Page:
Objective To evaluate sex-specific and age-specific associations of active living environments (ALEs) with premature cardiometabolic mortality.
Design Population-based retrospective cohort study.
Setting Residential neighbourhoods (1000-metre circular buffers from the centroids of dissemination areas) across Canada for which the Canadian ALE Measure was derived, based on intersection density, points of interest and dwelling density.
Participants 249 420 survey respondents from an individual-level record linkage between the Canadian Community Health Survey (2000–2010) and the Canadian Mortality Database until 2011, comprised of older women (65–85 years), older men (65–81 years), middle-aged women (45–64 years) and middle-aged men (45–64 years).
Primary outcome measures Premature cardiometabolic mortality and average daily energy expenditure attributable to walking. Multivariable proportional hazards regression models were adjusted for age, educational attainment, dissemination area-level median income, smoking status, obesity, the presence of chronic conditions, season of survey response and survey cycle.
Results Survey respondents contributed a total of 1 451 913 person-years. Greater walking was observed in more favourable ALEs. Walking was associated with lower cardiometabolic death in all groups except for middle-aged men. Favourable ALEs conferred a 22% reduction in death from cardiometabolic causes (HR 0.78, 95% CI 0.63 to 0.97) for older women.
Conclusions On average, people walk more in favourable ALEs, regardless of sex and age. With the exception of middle-aged men, walking is associated with lower premature cardiometabolic death. Older women living in neighbourhoods that favour active living live longer.
- public health
- social medicine
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Contributors SMM, CS, KD and NAR conceptualised the study design. SMM, CS and NAR had full access to the data in the study. SMM performed the statistical analysis. SMM drafted the manuscript. All authors (SMM, CS, KD, MR and NAR) contributed to the data interpretation and revised drafts of the manuscript for important intellectual content. SMM and NAR are the guarantors.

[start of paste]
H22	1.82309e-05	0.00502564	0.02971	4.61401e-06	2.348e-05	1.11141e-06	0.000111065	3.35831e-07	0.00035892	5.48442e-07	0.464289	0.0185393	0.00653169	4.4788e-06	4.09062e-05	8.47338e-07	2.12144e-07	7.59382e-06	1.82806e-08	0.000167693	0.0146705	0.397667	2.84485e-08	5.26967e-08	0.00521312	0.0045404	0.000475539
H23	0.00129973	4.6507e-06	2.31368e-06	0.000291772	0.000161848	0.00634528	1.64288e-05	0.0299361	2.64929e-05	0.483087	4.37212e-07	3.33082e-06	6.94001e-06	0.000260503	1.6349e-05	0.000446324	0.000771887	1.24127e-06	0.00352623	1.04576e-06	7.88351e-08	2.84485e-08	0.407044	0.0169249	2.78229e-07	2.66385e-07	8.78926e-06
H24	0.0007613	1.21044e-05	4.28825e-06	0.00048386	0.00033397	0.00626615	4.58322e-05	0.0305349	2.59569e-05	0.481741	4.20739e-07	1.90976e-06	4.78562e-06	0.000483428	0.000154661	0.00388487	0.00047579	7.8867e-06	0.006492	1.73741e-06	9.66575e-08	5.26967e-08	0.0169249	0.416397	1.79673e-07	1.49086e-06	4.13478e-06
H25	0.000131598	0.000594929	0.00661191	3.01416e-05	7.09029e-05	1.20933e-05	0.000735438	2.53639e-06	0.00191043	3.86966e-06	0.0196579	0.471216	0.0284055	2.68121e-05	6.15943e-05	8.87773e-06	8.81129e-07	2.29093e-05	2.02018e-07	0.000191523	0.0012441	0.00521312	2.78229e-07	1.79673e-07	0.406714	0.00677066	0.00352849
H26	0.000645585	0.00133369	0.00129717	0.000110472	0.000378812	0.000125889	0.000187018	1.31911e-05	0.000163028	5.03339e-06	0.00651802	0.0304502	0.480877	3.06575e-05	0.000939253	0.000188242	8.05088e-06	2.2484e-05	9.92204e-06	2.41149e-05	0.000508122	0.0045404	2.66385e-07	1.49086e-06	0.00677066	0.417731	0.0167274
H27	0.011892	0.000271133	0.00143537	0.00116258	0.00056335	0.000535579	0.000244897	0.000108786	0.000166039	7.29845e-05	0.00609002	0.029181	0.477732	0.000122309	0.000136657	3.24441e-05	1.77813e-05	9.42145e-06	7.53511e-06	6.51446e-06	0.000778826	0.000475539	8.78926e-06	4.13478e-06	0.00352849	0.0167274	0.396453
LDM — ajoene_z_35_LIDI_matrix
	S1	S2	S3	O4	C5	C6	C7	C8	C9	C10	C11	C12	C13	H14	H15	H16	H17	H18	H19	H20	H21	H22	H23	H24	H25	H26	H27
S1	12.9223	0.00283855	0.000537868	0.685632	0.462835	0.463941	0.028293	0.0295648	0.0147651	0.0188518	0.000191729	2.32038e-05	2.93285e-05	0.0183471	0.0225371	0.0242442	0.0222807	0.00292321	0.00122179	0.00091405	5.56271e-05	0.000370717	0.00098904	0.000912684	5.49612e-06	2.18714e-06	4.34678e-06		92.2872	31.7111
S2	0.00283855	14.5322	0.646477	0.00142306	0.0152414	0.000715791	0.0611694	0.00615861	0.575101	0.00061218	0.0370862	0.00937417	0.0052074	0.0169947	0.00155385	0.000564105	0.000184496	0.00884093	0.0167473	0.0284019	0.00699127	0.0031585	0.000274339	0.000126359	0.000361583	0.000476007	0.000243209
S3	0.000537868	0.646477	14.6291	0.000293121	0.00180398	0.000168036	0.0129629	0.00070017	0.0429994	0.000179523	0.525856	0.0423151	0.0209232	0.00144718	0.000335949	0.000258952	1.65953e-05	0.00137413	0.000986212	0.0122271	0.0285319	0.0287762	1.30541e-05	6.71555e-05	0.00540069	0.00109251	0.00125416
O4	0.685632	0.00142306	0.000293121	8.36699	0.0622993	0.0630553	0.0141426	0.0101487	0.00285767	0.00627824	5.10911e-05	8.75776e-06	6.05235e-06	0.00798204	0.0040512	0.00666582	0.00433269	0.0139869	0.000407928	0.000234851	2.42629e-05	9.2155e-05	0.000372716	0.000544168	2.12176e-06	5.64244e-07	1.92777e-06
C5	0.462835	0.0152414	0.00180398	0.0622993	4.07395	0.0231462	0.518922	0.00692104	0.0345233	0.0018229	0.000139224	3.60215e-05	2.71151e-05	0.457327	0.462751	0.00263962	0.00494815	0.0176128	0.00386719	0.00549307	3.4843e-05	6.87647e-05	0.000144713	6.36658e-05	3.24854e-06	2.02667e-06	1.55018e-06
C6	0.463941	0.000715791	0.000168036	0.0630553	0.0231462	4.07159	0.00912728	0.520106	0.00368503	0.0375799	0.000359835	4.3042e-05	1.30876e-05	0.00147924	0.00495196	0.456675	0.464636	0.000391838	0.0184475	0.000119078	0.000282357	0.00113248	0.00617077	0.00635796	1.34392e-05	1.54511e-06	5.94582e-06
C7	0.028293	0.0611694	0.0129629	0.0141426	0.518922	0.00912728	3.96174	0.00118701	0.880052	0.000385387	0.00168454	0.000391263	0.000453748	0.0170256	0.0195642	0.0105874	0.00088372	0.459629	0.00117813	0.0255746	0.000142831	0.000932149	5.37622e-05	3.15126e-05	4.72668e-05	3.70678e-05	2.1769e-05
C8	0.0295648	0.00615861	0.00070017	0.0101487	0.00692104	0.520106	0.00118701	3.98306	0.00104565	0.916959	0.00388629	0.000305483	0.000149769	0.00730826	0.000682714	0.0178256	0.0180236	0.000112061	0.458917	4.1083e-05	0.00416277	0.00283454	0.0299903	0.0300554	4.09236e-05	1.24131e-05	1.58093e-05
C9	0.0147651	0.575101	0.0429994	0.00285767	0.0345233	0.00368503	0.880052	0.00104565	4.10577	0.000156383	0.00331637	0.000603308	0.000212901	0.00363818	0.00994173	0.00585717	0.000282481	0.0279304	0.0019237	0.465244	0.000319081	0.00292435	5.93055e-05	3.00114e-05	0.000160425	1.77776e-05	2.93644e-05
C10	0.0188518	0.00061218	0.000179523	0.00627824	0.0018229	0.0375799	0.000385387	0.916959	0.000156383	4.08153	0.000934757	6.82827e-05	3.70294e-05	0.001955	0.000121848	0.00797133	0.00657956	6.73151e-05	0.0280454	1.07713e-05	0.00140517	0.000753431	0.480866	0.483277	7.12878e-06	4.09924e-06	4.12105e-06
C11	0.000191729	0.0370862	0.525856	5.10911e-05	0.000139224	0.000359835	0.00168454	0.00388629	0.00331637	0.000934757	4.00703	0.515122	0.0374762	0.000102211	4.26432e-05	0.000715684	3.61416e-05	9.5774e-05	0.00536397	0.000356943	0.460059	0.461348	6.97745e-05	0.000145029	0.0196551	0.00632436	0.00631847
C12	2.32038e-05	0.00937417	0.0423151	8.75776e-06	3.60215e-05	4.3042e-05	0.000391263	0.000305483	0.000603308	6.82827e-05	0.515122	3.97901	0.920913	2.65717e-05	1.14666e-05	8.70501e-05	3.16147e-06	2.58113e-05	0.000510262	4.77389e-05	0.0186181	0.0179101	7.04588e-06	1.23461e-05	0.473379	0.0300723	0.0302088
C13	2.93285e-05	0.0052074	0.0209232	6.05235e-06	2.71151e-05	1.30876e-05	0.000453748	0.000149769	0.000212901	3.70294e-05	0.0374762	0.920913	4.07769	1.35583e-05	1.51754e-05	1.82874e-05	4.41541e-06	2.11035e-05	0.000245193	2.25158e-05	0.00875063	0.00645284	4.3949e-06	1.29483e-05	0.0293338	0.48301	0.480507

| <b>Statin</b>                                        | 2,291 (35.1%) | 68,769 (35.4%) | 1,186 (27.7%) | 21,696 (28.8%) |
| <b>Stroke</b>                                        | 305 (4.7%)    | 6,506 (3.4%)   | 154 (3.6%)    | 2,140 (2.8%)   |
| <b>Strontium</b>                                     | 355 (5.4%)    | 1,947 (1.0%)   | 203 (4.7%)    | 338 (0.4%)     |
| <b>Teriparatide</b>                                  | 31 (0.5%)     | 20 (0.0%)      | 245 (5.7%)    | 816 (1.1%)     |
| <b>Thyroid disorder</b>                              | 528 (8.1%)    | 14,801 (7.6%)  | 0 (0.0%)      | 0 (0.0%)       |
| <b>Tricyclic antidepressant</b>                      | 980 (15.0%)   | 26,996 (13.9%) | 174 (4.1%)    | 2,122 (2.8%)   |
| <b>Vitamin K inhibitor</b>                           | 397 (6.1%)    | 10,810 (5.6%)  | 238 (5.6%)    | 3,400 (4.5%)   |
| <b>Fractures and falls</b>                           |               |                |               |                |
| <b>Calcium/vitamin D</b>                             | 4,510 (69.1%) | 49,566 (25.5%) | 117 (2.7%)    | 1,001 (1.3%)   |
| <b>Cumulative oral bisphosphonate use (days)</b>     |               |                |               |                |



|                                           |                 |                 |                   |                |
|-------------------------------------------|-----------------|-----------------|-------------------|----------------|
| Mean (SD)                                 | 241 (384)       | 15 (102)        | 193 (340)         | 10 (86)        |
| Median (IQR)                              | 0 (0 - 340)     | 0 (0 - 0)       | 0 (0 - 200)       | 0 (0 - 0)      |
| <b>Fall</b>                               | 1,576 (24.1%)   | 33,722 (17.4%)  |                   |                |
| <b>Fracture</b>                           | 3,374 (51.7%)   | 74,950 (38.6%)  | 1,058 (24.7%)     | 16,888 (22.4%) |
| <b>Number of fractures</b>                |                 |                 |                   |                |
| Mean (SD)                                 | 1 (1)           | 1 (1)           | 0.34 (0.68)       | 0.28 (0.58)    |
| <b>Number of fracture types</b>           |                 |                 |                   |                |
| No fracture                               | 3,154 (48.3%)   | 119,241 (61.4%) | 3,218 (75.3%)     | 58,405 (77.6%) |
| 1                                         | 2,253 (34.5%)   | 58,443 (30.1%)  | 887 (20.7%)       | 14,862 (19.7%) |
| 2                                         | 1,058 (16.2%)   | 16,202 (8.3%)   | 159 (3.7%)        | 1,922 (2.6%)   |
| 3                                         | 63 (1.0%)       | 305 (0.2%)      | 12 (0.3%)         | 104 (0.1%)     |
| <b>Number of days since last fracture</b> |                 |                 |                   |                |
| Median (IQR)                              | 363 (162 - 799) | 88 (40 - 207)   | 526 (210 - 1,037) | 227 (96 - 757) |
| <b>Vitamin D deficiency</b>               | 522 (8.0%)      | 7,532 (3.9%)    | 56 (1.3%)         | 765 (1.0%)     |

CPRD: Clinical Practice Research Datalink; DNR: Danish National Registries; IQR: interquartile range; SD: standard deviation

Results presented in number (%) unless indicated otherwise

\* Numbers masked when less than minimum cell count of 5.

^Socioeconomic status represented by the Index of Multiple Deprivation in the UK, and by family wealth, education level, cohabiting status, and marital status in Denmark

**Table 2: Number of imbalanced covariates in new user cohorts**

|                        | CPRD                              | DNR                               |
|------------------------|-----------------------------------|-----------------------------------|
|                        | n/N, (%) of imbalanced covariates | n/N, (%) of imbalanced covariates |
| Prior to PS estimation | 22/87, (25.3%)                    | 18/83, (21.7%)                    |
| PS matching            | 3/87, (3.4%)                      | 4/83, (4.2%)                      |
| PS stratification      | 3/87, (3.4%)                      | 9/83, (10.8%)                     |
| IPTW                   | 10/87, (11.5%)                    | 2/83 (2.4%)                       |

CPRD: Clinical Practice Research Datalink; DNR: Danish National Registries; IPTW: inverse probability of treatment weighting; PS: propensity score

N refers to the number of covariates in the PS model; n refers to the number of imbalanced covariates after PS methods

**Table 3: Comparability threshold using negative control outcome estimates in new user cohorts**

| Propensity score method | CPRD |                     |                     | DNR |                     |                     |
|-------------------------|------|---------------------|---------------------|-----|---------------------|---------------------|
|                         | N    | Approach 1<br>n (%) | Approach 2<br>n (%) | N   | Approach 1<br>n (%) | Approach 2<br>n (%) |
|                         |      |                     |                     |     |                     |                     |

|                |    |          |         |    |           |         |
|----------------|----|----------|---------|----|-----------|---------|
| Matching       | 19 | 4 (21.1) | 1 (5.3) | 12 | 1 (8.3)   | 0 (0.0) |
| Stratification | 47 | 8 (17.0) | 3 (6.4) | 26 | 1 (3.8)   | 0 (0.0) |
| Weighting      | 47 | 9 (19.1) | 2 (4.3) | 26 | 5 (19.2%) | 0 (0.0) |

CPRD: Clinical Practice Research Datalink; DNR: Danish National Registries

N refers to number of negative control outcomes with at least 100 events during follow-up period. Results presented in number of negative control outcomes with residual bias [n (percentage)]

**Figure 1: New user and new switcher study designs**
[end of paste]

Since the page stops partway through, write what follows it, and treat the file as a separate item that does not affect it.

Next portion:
Funding This study was funded by the Canadian Institutes of Health Research–Institute of Population and Public Health, through the Data Analysis Existing Databases Operating Grant, grant #410 289. SMM was supported by the Fonds de Recherche du Québec Santé Doctoral Training Award (grant number not applicable). NAR is funded by the Canadian Institutes of Health Research Canada Research Chairs Program.
Disclaimer Funding organisations had no role in the study design, data analysis, interpretation of data, writing of the manuscript and the decision to submit the article for publication.
Competing interests None declared.
Patient consent for publication Not required.
Ethics approval The Canadian Community Health Survey was conducted by Statistics Canada. Ethics approval, and consent to participate in the survey was obtained by Statistics Canada. All analyses were conducted under project number 16-HAD-MCG-4802 at the McGill University site of the Canadian Research Data Centre Network, a secure laboratory which provides access to micro-data holdings of Statistics Canada and has in place a detailed protocol to protect the confidentiality of respondents. Consistent with this protocol, all frequencies have a rounding base to the nearest five respondents, and tabulations resulting in cell-counts under 50 individuals were not released.
Provenance and peer review Not commissioned; externally peer reviewed.
Data availability statement Data may be obtained from a third party and are not publicly available. Data from the Canadian Community Health Survey are available from Statistics Canada for researchers who meet the criteria for access to confidential data. Details can be found at the Statistics Canada Research Data Centres website. See: http://www.statcan.gc.ca/eng/rdc/process
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